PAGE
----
As a fluorescent orange dorm walked toward us at the cycling station, I squinted to make sure it was the one I was looking for. Yes, that was 1G, but they were missing their enthusiastic Aussie counselor Danielle Underwood. There was a man at the head of the line instead. My confusion evaporated as they moved closer. Head cycling instructor Nick Irwin, assistant instructor Sarah Kimes and I realized that it was counselor swap day, so Daryle Hochstetler of 1B was leading 1G for the day. As the girls and Mr. Hochstetler neared the cycling tower, they yelled, “Hello Uncle Irwin and cycling staff!”
The girls filled their water bottles, changed their shoes, grabbed helmets, and chose their bicycles for the class. Mr. Irwin had to lower some of the bike seats since some of the more vertically challenged girls had difficulty getting on the bikes with tall seats. Then the campers attentively listened to Mr. Irwin as he re-explained the cycling long course. This was 1G’s second cycling class, but the girls hadn’t had a cycling class since the first day of camp two weeks previous. To avoid having lost campers wandering all over campus, their cycling instructor detailed some of the trickier parts of the course. Contrary to the usual cycling class routine, he took the girls through the course once himself so no one would get lost.
And then they departed in a flurry of orange and red shirts. I watched them through the trees as they cycled up the road and disappeared from my view. I would have gone with them on a spare bicycle to get first-hand information from the actual cycling part of cycling class, but unfortunately, there were no spare bikes. I did not think my own vintage velocipede would survive the course, so I stayed behind. The sounds of flag football chants kept me company as I waited for the return of the traffic cones.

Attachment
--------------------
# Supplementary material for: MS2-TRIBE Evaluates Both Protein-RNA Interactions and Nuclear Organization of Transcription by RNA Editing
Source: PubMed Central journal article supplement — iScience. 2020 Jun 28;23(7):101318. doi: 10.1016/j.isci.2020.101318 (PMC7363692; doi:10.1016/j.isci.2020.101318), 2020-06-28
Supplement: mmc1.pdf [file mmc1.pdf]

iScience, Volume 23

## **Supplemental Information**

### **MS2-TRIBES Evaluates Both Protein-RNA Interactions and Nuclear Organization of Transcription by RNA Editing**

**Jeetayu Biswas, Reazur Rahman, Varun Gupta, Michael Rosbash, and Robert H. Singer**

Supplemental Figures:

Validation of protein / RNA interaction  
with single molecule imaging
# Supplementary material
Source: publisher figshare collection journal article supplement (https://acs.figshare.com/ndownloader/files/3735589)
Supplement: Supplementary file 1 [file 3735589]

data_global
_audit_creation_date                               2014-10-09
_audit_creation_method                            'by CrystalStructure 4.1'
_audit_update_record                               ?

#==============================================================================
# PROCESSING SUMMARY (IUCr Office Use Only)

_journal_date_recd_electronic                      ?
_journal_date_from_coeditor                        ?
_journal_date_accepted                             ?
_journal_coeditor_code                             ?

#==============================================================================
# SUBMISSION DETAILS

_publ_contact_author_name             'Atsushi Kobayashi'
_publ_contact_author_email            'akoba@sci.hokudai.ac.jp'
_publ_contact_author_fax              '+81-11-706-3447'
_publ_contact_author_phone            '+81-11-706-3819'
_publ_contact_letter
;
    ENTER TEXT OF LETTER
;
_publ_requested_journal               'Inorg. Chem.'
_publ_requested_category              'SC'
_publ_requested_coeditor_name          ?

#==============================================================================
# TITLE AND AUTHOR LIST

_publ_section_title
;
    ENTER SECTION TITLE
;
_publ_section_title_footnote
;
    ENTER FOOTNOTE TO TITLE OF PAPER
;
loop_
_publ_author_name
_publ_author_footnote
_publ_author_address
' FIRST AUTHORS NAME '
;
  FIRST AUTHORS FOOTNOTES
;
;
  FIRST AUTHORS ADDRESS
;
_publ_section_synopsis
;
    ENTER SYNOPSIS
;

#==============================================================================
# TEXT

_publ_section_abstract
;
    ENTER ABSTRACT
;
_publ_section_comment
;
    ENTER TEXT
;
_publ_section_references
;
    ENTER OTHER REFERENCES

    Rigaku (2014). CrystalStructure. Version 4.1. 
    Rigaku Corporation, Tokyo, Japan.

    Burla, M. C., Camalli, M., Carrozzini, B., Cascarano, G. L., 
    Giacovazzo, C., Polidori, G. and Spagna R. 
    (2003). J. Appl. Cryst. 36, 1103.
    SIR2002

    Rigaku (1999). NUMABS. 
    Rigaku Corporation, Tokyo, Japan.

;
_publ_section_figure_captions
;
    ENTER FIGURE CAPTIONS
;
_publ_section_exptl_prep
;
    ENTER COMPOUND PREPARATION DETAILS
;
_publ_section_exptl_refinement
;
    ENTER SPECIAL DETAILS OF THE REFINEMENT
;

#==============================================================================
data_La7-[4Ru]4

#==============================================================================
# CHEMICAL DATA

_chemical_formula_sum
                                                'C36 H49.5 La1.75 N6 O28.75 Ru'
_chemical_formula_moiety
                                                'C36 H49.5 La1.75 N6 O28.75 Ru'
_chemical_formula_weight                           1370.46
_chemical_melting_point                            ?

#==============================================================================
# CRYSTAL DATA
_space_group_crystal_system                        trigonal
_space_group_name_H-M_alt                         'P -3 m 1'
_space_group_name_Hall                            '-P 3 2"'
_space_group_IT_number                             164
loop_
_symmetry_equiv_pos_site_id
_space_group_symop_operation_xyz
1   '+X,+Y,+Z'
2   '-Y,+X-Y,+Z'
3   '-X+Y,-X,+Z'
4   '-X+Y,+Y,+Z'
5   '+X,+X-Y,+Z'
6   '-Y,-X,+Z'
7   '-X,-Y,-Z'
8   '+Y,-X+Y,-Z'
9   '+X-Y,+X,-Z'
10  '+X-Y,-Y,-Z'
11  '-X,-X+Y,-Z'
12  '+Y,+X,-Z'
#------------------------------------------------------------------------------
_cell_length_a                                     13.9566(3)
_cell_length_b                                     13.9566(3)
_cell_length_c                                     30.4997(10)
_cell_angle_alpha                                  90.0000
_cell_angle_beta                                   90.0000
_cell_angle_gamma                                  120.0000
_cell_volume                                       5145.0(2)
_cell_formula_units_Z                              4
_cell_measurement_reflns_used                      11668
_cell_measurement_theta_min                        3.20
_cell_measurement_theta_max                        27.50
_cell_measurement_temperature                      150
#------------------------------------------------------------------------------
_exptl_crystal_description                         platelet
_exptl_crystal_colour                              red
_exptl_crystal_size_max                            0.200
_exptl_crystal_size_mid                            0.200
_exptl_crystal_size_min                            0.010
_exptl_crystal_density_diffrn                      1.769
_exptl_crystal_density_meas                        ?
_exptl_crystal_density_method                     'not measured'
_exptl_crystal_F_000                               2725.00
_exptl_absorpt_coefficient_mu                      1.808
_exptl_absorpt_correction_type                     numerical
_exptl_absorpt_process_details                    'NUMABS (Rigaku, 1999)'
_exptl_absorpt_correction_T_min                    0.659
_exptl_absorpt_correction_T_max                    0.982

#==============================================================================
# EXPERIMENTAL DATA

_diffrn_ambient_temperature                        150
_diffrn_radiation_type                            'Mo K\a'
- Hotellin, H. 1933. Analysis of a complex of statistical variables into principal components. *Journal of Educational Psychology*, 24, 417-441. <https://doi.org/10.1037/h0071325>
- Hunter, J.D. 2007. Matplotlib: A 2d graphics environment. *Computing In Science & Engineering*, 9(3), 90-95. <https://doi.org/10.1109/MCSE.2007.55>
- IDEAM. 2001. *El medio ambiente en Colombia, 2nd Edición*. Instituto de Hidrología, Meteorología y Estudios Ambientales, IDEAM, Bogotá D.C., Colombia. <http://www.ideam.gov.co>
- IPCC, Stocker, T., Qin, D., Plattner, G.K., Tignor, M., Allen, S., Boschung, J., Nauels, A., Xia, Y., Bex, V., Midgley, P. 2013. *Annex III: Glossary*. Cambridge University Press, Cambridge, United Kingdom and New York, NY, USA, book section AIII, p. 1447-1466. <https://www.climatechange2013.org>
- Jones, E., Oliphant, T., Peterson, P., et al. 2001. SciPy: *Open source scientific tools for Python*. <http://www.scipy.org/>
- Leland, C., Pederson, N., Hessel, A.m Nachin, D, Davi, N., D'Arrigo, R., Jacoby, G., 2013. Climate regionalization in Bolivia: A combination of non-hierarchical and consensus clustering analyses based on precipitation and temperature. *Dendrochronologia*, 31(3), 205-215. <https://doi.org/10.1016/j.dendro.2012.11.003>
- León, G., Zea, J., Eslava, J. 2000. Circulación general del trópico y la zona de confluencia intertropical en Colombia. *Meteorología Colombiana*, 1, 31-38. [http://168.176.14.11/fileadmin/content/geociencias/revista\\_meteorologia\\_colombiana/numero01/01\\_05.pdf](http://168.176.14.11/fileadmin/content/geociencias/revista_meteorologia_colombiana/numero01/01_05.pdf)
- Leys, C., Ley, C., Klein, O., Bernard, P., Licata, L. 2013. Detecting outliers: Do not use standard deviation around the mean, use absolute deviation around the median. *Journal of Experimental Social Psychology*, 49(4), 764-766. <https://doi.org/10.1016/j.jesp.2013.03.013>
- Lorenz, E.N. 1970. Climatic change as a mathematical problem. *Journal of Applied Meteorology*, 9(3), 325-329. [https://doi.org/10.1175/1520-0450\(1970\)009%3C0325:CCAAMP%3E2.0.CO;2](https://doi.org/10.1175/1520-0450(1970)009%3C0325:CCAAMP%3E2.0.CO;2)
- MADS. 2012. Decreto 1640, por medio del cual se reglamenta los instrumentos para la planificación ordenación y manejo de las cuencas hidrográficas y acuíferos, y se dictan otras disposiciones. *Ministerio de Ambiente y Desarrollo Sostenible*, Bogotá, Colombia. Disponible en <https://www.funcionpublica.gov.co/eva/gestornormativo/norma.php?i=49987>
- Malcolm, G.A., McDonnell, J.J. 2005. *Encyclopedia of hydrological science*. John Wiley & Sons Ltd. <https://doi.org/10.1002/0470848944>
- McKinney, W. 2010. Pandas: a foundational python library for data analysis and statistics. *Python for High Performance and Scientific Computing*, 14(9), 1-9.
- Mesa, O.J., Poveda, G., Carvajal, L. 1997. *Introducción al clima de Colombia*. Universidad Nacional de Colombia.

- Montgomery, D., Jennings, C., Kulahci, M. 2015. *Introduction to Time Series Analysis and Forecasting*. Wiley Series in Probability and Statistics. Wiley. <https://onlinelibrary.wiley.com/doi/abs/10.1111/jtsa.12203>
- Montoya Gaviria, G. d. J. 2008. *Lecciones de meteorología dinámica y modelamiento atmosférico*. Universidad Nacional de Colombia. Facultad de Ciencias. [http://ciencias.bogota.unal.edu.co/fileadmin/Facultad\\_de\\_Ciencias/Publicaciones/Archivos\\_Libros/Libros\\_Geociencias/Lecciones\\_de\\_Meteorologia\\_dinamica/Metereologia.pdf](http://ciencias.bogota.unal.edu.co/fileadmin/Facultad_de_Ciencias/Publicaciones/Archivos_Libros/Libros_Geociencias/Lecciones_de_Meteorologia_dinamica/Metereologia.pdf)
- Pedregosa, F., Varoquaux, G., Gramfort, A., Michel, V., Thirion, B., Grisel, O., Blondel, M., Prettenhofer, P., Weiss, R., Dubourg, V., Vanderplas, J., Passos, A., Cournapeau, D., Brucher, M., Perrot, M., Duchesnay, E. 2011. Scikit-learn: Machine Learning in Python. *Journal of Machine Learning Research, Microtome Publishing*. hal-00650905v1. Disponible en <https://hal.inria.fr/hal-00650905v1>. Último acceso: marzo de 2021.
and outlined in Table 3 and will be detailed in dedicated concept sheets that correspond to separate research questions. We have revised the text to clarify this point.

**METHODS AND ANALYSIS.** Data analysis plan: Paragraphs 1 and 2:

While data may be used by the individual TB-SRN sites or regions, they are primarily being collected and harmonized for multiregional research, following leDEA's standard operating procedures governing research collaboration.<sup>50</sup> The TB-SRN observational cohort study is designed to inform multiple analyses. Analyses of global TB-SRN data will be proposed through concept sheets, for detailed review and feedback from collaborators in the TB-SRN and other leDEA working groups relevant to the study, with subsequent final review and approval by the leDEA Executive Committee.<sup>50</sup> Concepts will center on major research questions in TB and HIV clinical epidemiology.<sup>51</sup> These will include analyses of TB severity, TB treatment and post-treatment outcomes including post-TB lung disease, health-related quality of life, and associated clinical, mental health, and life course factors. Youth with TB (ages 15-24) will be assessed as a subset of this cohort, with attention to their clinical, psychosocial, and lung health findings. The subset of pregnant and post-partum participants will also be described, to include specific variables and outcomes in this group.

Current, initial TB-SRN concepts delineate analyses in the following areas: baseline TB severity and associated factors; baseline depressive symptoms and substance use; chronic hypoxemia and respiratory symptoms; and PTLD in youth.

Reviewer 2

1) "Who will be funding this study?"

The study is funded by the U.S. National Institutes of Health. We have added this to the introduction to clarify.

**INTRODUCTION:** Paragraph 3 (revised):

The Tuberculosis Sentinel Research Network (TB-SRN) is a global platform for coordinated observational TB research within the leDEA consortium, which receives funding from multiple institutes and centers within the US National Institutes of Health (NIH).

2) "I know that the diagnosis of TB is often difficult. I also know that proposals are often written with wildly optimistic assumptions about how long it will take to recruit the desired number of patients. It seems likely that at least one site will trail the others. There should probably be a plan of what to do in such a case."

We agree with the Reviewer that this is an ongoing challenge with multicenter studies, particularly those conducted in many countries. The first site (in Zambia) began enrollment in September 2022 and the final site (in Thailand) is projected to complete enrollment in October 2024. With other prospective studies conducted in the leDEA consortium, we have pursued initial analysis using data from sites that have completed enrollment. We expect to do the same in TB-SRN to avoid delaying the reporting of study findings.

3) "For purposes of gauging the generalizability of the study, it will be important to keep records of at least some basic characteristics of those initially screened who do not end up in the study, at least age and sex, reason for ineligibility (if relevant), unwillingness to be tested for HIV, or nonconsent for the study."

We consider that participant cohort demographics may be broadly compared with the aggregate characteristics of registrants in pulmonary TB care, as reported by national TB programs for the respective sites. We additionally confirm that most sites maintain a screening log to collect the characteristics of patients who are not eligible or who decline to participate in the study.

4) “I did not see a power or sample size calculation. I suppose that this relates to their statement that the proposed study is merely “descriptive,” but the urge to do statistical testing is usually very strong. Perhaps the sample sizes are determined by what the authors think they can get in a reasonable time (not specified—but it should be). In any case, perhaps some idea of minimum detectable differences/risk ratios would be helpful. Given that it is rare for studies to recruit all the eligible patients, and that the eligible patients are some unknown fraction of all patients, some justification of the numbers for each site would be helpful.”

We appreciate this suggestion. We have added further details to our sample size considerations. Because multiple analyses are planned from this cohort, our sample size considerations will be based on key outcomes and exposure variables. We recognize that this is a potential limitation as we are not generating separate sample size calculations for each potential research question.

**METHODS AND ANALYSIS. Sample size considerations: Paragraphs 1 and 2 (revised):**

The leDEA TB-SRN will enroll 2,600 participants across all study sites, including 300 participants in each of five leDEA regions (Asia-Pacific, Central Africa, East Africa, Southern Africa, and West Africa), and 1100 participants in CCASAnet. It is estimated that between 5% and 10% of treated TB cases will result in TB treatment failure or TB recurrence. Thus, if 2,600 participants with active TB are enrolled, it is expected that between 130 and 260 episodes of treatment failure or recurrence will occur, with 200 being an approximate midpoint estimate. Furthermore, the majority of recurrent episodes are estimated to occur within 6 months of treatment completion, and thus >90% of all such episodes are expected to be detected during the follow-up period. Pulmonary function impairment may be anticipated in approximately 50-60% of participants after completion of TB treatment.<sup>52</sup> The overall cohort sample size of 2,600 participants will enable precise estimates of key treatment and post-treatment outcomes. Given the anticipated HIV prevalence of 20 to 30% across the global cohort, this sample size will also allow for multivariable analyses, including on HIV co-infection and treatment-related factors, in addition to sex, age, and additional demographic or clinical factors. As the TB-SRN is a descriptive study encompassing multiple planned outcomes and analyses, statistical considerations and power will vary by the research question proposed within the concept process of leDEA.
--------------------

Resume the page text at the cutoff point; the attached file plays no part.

Finally, the cyclists began to trickle in after Mr. Irwin. Most of the girls were unscathed from the course, but somehow Selah had managed to get two of the muddiest legs I have ever seen. She wasn’t even sure how it happened. Perhaps the mud leaped onto her from the ground.
After a water break, we all got on our bicycles and traveled to the short course, a series of real orange traffic cones that the cyclists had to maneuver around. If a cyclist lost her balance and put her foot down onto the asphalt, her turn was over. This added dimension of difficulty kept 10 of the 11 assembled girls (the 12th was in sick bay) from finishing the course. Only Sarah, who had two swollen and somewhat sprained ankles, was able to make it through the entire course—quite a feat, considering that ankles are rather essential for pedaling a bike.
The girls pedaled back to the tower to grab another drink and then lined up at a pink chalk line to cycle the long course for time. Miss Kimes staggered the girls so that only one or two would leave at the same time, making it easier for her to write down their finishing times. The girls averaged about nine minutes apiece for the long course. After finishing the course, the girls rehydrated, sat in the shade, cheered on their fellow cyclists as they finished the course, and swapped war stories. Emily, the last 1G cyclist, said that there had been a rattlesnake on the course. Perhaps not cycling with them was a wise decision.
1G circled up to decide on a cheer. Their assistant counselor, Brandi Davis, told the girls that Mr. Irwin loves puns, so they cheered, “Thanks for spinning our spokes with us, cycling staff!”
The cycling staff and I replied with a cheer that was my personal invention: “Thanks for gearing us up for tonight, 1G!”
The girls laughed and then hurried to gather their belongings. Then they headed back to their dorm to prepare for that night’s activity: faculty home visits.